Some have turned to baking, others to reading, hiking and home improvement. But since the novel coronavirus struck in early March, prompting most people to find new ways to pass the time, critical care nurse and University of Virginia School of Nursing assistant professor Beth Hundt has been furiously sewing.
Face masks, that is.
The long-time quilter has dug into the stash of fabric scraps she’s saved for years, following some of the online patterns posted that match her supplies of elastic and material, and donated masks both nationally and locally.
Initially, Hundt sent her masks – she’s created at least 80 so far, by her count – to her mother in Toledo, Ohio, where she’s from, and her mother’s quilting group and church distributed them to hospitals in need through promedica.org.
Hospital workers there drove out to her mother’s home to retrieve the masks. They then washed and repackaged them by size, and distributed them to units in need, Hundt said, noting that some of the homemade masks went as far as Detroit.
“We started doing this because I heard from colleagues in hospitals out west that they were finding the cloth masks helped protect the medical-grade masks, and keep them in place,” Hundt said. “Some nurses I know are finding they’re helpful because they protect the outside of the masks from becoming soiled, and increase the life of personal protective equipment underneath.”
Plus, she notes, there’s the psychological benefit of having something in a time period where there are such worries about acute shortages of protective gear.
“It helps you feel better,” said Hundt, who previously has sewn dozens of quilts for friends, colleagues and newborn babies, “because you’re doing something.”
On Friday, the Center for Disease Control and Prevention recommended that all Americans wear cloth face coverings in public settings, such grocery stores and pharmacies.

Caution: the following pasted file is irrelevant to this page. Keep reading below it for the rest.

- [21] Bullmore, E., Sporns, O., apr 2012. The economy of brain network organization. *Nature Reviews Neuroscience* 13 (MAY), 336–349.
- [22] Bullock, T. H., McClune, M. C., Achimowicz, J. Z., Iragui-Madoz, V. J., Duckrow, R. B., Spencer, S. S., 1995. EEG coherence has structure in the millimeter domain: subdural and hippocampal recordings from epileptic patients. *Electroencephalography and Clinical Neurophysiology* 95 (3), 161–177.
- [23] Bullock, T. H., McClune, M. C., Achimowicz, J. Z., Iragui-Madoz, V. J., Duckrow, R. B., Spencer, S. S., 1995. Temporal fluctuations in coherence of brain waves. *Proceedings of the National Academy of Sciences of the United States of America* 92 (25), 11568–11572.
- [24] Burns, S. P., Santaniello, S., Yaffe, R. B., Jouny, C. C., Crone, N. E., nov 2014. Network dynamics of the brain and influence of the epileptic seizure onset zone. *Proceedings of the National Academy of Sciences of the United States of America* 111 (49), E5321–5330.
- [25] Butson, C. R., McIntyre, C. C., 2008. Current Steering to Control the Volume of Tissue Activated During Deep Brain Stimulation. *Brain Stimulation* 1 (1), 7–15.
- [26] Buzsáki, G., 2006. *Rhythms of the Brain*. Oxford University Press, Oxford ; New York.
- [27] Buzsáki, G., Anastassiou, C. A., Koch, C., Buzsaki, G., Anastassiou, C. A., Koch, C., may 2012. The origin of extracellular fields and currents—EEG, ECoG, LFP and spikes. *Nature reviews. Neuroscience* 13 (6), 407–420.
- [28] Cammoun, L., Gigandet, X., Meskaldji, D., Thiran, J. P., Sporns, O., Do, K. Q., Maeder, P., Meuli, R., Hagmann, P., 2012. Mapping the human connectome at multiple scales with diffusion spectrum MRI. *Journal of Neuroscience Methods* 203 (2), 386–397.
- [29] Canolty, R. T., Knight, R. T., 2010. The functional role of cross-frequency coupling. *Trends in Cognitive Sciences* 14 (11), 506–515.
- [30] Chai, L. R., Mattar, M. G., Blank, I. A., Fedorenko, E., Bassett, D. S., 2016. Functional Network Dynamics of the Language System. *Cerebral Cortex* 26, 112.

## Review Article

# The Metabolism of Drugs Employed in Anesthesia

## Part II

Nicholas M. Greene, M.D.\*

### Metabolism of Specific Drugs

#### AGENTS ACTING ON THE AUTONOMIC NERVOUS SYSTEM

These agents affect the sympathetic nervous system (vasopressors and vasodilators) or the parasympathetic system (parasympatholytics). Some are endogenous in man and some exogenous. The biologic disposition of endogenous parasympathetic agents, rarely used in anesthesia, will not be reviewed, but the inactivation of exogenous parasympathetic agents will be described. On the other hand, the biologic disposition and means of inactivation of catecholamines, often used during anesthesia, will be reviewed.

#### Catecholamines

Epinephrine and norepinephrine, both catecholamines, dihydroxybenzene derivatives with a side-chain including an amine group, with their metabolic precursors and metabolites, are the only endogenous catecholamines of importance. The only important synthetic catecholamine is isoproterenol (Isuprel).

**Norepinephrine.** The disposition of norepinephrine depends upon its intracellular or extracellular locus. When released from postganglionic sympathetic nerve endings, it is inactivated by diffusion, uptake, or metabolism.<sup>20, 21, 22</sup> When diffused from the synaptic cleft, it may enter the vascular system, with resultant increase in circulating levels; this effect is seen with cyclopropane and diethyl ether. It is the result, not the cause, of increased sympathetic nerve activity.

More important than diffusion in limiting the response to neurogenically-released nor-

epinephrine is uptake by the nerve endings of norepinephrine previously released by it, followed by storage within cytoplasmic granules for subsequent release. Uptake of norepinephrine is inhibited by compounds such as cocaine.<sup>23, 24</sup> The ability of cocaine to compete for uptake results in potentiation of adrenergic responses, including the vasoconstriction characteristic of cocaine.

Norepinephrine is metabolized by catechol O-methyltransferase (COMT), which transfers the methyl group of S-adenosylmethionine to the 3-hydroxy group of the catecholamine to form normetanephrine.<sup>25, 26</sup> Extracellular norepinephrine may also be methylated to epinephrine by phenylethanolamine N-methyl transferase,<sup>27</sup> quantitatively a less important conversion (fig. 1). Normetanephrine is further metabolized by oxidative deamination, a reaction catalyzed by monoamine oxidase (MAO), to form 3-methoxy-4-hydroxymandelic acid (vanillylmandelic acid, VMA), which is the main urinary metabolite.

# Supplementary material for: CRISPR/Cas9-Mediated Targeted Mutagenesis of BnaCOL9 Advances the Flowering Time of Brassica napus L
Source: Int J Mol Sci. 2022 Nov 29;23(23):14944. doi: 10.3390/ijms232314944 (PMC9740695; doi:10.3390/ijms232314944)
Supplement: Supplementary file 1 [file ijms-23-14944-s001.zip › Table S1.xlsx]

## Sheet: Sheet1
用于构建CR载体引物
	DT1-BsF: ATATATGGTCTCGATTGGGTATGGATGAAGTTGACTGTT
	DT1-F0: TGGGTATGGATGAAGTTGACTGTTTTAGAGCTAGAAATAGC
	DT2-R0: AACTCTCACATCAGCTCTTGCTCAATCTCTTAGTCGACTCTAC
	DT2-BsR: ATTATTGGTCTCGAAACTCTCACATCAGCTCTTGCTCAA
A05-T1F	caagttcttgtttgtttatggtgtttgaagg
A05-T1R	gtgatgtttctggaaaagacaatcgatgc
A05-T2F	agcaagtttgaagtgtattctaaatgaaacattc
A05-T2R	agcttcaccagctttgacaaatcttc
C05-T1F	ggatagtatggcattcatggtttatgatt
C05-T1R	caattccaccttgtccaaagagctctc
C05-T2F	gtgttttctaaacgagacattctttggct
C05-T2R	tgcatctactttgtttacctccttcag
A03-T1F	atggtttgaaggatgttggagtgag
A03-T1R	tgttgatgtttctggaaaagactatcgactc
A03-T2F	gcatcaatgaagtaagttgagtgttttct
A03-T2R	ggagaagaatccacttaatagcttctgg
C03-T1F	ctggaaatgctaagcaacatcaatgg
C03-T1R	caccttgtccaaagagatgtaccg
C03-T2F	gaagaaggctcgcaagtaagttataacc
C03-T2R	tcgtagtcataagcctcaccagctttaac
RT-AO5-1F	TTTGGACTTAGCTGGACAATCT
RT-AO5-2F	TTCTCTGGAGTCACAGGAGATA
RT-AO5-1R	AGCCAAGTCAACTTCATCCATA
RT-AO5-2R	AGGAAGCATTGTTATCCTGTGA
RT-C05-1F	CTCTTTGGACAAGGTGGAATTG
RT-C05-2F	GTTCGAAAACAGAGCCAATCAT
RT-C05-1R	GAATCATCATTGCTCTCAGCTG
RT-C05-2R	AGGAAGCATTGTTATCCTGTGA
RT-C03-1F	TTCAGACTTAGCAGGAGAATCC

“We now know from recent studies that a significant portion of individuals with coronavirus lack symptoms, and that even those who eventually develop symptoms can transmit the virus to others before showing symptoms,” the center stated in its recommendation.
The CDC included a video in its advisory of the U.S. Surgeon General, Dr. Jerome Adams, making a simple face covering out of a piece of fabric and rubber bands.
Hundt began donating her masks locally once the CDC came out with its new recommendation and UVA Health began accepting homemade masks.
“I have been supplying masks to colleagues and clinicians in the Medical Center and the School of Nursing,” she said. “Once people who have reached out are supplied for themselves and their families, I will be giving them to UVA’s PPE collection.
“I give them away as fast as I can make them,” she said.
When she ventures out for essentials, Hundt dons a mask herself because, she said, “It’s best for us to all assume we’ve been exposed.”
“I do not want to unwittingly transmit the virus,” said Hundt, who earned a Ph.D. in nursing from UVA in 2018 and is a nurse historian. “I could be asymptomatic and this is something I do not want to share. It’s all of our obligations to patients and our colleagues to protect everyone in the community.”
For mask sewing patterns, visit promedica.org.